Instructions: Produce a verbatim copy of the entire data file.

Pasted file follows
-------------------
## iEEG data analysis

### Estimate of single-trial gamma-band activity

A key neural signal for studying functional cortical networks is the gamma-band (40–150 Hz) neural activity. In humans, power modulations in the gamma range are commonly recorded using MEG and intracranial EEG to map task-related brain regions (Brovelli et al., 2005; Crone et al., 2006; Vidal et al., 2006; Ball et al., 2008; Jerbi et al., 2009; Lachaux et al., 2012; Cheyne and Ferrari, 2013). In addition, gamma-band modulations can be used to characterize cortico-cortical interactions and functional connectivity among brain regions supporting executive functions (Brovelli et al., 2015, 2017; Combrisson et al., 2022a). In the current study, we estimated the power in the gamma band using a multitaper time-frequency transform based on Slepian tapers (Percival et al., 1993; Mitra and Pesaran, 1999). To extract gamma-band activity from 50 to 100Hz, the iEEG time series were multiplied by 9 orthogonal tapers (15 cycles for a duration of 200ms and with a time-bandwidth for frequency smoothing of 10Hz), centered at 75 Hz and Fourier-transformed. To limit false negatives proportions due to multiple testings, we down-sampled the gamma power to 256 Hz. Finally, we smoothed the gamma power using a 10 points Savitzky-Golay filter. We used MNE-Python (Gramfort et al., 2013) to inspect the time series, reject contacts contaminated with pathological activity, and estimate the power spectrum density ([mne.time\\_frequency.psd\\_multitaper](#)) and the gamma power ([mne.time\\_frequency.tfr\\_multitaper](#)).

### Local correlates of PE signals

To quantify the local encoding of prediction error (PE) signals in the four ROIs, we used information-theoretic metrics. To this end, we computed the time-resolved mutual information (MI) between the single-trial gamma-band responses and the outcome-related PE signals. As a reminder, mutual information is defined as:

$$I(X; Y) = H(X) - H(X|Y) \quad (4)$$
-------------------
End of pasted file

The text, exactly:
## iEEG data analysis

### Estimate of single-trial gamma-band activity

A key neural signal for studying functional cortical networks is the gamma-band (40–150 Hz) neural activity. In humans, power modulations in the gamma range are commonly recorded using MEG and intracranial EEG to map task-related brain regions (Brovelli et al., 2005; Crone et al., 2006; Vidal et al., 2006; Ball et al., 2008; Jerbi et al., 2009; Lachaux et al., 2012; Cheyne and Ferrari, 2013). In addition, gamma-band modulations can be used to characterize cortico-cortical interactions and functional connectivity among brain regions supporting executive functions (Brovelli et al., 2015, 2017; Combrisson et al., 2022a). In the current study, we estimated the power in the gamma band using a multitaper time-frequency transform based on Slepian tapers (Percival et al., 1993; Mitra and Pesaran, 1999). To extract gamma-band activity from 50 to 100Hz, the iEEG time series were multiplied by 9 orthogonal tapers (15 cycles for a duration of 200ms and with a time-bandwidth for frequency smoothing of 10Hz), centered at 75 Hz and Fourier-transformed. To limit false negatives proportions due to multiple testings, we down-sampled the gamma power to 256 Hz. Finally, we smoothed the gamma power using a 10 points Savitzky-Golay filter. We used MNE-Python (Gramfort et al., 2013) to inspect the time series, reject contacts contaminated with pathological activity, and estimate the power spectrum density ([mne.time\\_frequency.psd\\_multitaper](#)) and the gamma power ([mne.time\\_frequency.tfr\\_multitaper](#)).

### Local correlates of PE signals

To quantify the local encoding of prediction error (PE) signals in the four ROIs, we used information-theoretic metrics. To this end, we computed the time-resolved mutual information (MI) between the single-trial gamma-band responses and the outcome-related PE signals. As a reminder, mutual information is defined as:

$$I(X; Y) = H(X) - H(X|Y) \quad (4)$$